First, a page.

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Winds of change

Columbus Dispatch|Dan Gearino|February 11, 2009
OhioEnergy Policy

Ohio's wind-energy system consists of five wind turbines, barely enough to power a small town. That wasn't much of a concern until May, when Gov. Ted Strickland signed a law that says investor-owned power companies need to get 12.5 percent of their capacity from renewable sources by 2024. Half of that energy needs to come from within Ohio. American Electric Power took a step toward the goal yesterday with the announcement that it will bring 100 megawatts of wind power to Ohio, the largest such transaction under the new law.


Responding to a new law on renewable energy, AEP will bring 100 megawatts of wind power to Ohio

Ohio's wind-energy system consists of five wind turbines, barely enough to power a small town.

That wasn't much of a concern until May, when Gov. Ted Strickland signed a law that says investor-owned power companies need to get 12.5 percent of their capacity from renewable sources by 2024. Half of that energy needs to come from within Ohio.

American Electric Power took a step toward the goal yesterday with the announcement that it will bring 100 megawatts of wind power to Ohio, the largest such transaction under the new law.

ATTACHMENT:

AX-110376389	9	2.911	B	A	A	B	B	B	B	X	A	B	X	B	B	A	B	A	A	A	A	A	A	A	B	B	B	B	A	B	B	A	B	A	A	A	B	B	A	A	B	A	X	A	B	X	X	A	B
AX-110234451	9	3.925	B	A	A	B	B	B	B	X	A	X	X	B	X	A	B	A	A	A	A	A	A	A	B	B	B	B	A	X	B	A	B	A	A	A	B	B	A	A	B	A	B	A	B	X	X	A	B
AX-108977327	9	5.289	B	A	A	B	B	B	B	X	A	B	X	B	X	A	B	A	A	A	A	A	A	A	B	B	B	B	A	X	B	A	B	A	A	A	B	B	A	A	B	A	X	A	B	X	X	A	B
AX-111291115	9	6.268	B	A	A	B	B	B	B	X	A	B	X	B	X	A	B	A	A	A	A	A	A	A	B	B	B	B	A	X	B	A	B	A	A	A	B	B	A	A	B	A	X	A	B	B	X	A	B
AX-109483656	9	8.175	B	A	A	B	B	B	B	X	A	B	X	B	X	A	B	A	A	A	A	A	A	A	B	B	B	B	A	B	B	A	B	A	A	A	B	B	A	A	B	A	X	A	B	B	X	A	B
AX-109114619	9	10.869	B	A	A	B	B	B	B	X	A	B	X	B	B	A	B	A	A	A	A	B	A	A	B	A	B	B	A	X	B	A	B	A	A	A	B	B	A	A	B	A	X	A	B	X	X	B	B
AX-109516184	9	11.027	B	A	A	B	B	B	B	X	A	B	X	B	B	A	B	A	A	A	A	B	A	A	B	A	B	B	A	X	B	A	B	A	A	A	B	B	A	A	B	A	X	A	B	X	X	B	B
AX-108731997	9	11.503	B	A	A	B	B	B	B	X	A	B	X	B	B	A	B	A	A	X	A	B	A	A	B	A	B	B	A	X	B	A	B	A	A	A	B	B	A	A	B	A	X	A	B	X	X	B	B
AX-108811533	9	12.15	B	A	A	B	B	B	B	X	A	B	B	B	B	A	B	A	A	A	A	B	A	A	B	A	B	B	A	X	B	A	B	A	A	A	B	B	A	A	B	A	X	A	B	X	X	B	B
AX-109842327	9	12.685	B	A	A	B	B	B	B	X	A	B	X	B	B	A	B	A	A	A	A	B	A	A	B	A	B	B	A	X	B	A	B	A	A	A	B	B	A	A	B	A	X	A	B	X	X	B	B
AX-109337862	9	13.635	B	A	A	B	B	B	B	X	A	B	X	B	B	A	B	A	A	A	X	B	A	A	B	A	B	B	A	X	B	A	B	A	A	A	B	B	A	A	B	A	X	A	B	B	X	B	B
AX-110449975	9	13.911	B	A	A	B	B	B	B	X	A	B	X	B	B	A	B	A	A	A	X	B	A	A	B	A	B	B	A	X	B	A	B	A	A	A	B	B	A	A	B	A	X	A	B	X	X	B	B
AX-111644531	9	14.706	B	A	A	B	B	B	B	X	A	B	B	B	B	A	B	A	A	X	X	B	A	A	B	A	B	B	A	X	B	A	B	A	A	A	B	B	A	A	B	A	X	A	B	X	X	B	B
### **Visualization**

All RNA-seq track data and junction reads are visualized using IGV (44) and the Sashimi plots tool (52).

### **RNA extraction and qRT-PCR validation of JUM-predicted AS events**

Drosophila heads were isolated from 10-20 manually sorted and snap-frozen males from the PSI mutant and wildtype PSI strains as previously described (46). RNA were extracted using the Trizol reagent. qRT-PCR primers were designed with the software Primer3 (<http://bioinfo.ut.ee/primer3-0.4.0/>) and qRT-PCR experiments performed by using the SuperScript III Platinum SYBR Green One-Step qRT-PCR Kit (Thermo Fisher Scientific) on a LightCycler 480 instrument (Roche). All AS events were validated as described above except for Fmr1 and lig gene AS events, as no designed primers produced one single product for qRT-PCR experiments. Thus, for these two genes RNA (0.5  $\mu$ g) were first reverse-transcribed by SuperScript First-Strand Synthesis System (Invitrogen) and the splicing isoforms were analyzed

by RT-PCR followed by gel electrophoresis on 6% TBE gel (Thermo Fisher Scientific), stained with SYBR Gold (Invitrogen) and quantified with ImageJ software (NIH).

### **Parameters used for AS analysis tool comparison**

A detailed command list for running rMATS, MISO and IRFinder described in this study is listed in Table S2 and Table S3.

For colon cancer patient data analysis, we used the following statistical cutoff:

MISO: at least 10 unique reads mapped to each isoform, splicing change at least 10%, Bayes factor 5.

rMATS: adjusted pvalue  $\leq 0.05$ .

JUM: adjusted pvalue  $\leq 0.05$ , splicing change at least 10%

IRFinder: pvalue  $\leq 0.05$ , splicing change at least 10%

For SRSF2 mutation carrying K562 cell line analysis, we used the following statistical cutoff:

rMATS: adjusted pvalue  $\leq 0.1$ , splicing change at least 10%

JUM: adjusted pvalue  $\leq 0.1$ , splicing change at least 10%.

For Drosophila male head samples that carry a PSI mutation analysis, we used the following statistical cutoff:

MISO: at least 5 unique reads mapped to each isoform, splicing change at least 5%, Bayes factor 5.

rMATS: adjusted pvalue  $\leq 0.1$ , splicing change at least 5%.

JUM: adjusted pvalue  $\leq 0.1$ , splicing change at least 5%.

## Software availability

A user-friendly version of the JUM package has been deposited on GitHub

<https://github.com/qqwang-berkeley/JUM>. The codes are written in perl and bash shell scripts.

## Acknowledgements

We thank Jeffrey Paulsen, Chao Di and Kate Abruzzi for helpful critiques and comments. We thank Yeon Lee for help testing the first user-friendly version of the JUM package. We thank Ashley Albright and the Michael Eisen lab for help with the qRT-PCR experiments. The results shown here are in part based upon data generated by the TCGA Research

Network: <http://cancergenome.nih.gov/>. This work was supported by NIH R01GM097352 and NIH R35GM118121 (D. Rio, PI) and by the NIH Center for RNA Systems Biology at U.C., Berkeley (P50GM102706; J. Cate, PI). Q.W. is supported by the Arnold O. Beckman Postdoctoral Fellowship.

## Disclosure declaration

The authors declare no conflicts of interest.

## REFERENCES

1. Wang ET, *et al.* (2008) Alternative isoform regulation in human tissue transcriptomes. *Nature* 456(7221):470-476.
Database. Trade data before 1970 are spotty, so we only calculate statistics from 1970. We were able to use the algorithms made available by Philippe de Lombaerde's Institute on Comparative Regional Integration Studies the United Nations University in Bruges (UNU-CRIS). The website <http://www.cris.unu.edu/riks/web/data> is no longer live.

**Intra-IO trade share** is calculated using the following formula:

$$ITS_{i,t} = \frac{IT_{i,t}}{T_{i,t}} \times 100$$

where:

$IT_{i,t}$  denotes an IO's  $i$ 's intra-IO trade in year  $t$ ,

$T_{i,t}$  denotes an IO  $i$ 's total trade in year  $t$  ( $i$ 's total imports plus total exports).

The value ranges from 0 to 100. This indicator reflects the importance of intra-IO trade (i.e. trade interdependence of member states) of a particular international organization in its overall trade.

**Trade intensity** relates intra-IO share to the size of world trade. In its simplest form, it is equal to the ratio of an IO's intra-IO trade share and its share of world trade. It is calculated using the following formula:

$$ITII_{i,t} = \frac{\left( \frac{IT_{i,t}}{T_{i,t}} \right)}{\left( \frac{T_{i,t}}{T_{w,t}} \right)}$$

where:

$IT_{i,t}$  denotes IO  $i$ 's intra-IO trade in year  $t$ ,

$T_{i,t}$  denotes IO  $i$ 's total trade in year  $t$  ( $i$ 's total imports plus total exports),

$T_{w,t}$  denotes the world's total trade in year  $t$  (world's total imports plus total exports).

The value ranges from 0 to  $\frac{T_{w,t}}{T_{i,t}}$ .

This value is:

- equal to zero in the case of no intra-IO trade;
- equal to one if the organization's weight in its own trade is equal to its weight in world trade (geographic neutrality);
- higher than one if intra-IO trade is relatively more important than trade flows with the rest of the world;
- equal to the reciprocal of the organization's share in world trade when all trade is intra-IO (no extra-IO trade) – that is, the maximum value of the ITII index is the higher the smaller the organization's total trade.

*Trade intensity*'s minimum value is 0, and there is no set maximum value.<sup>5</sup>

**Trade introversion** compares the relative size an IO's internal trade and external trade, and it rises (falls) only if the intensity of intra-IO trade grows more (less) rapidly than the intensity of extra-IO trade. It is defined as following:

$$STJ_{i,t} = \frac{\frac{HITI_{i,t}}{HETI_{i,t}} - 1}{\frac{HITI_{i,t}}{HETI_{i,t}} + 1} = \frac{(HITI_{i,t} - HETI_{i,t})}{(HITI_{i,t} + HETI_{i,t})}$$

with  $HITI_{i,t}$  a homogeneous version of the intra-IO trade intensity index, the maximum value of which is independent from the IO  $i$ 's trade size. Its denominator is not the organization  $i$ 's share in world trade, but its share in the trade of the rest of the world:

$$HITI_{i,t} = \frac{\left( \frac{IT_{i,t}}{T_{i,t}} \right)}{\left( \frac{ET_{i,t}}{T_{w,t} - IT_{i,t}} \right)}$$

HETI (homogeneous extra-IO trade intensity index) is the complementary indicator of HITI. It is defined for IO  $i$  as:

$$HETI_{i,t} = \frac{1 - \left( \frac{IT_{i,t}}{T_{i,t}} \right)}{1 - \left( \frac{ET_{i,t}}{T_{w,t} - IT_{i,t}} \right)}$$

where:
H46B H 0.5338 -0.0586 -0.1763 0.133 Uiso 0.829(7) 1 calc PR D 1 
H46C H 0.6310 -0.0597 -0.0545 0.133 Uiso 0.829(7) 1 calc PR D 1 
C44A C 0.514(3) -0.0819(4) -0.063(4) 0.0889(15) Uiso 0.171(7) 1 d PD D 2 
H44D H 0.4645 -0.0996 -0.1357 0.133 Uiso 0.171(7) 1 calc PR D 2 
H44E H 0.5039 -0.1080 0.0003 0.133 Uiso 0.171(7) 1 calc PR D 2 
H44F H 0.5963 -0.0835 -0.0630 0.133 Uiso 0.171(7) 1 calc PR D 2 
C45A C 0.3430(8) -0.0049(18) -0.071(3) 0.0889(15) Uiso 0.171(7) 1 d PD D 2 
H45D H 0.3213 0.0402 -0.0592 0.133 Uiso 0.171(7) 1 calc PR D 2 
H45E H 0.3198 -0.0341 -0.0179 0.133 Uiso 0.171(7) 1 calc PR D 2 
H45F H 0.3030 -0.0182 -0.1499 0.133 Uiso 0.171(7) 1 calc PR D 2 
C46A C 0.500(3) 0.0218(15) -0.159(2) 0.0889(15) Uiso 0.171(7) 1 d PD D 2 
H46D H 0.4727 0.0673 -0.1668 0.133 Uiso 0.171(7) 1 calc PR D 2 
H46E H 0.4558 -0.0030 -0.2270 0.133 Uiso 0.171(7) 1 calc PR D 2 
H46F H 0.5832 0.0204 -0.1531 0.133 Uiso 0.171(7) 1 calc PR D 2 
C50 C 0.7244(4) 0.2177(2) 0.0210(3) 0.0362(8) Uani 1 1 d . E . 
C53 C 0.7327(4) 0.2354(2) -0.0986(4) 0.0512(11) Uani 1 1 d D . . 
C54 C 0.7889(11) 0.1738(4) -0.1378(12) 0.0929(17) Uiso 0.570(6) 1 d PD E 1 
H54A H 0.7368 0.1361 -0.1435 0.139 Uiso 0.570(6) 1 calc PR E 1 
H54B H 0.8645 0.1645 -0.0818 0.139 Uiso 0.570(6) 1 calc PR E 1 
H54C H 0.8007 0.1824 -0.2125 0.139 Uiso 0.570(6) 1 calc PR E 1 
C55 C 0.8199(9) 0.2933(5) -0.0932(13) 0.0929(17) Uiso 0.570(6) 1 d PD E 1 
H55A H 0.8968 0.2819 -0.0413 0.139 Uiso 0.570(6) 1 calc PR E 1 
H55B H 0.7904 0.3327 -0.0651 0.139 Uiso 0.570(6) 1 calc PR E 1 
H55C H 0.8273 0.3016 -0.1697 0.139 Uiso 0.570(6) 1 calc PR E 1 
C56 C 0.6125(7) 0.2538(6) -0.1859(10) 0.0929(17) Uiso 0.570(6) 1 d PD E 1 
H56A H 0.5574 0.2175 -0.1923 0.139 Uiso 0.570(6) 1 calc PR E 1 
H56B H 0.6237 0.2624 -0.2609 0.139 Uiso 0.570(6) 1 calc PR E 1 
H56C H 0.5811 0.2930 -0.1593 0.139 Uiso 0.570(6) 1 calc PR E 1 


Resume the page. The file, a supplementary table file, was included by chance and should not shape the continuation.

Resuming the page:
Columbus-based AEP will buy the power from a wind farm in northwestern Indiana. The purchase is part of a larger transaction that will bring 250 megawatts to several parts of AEP's 11-state territory.

With 100 megawatts, AEP would have enough power to cover about 1 percent of the energy used by its Ohio customers, or roughly enough to meet the annual power needs of 22,500 ... more [truncated due to possible copyright]

     

Responding to a new law on renewable energy, AEP will bring 100 megawatts of wind power to Ohio

Ohio's wind-energy system consists of five wind turbines, barely enough to power a small town.

That wasn't much of a concern until May, when Gov. Ted Strickland signed a law that says investor-owned power companies need to get 12.5 percent of their capacity from renewable sources by 2024. Half of that energy needs to come from within Ohio.

American Electric Power took a step toward the goal yesterday with the announcement that it will bring 100 megawatts of wind power to Ohio, the largest such transaction under the new law.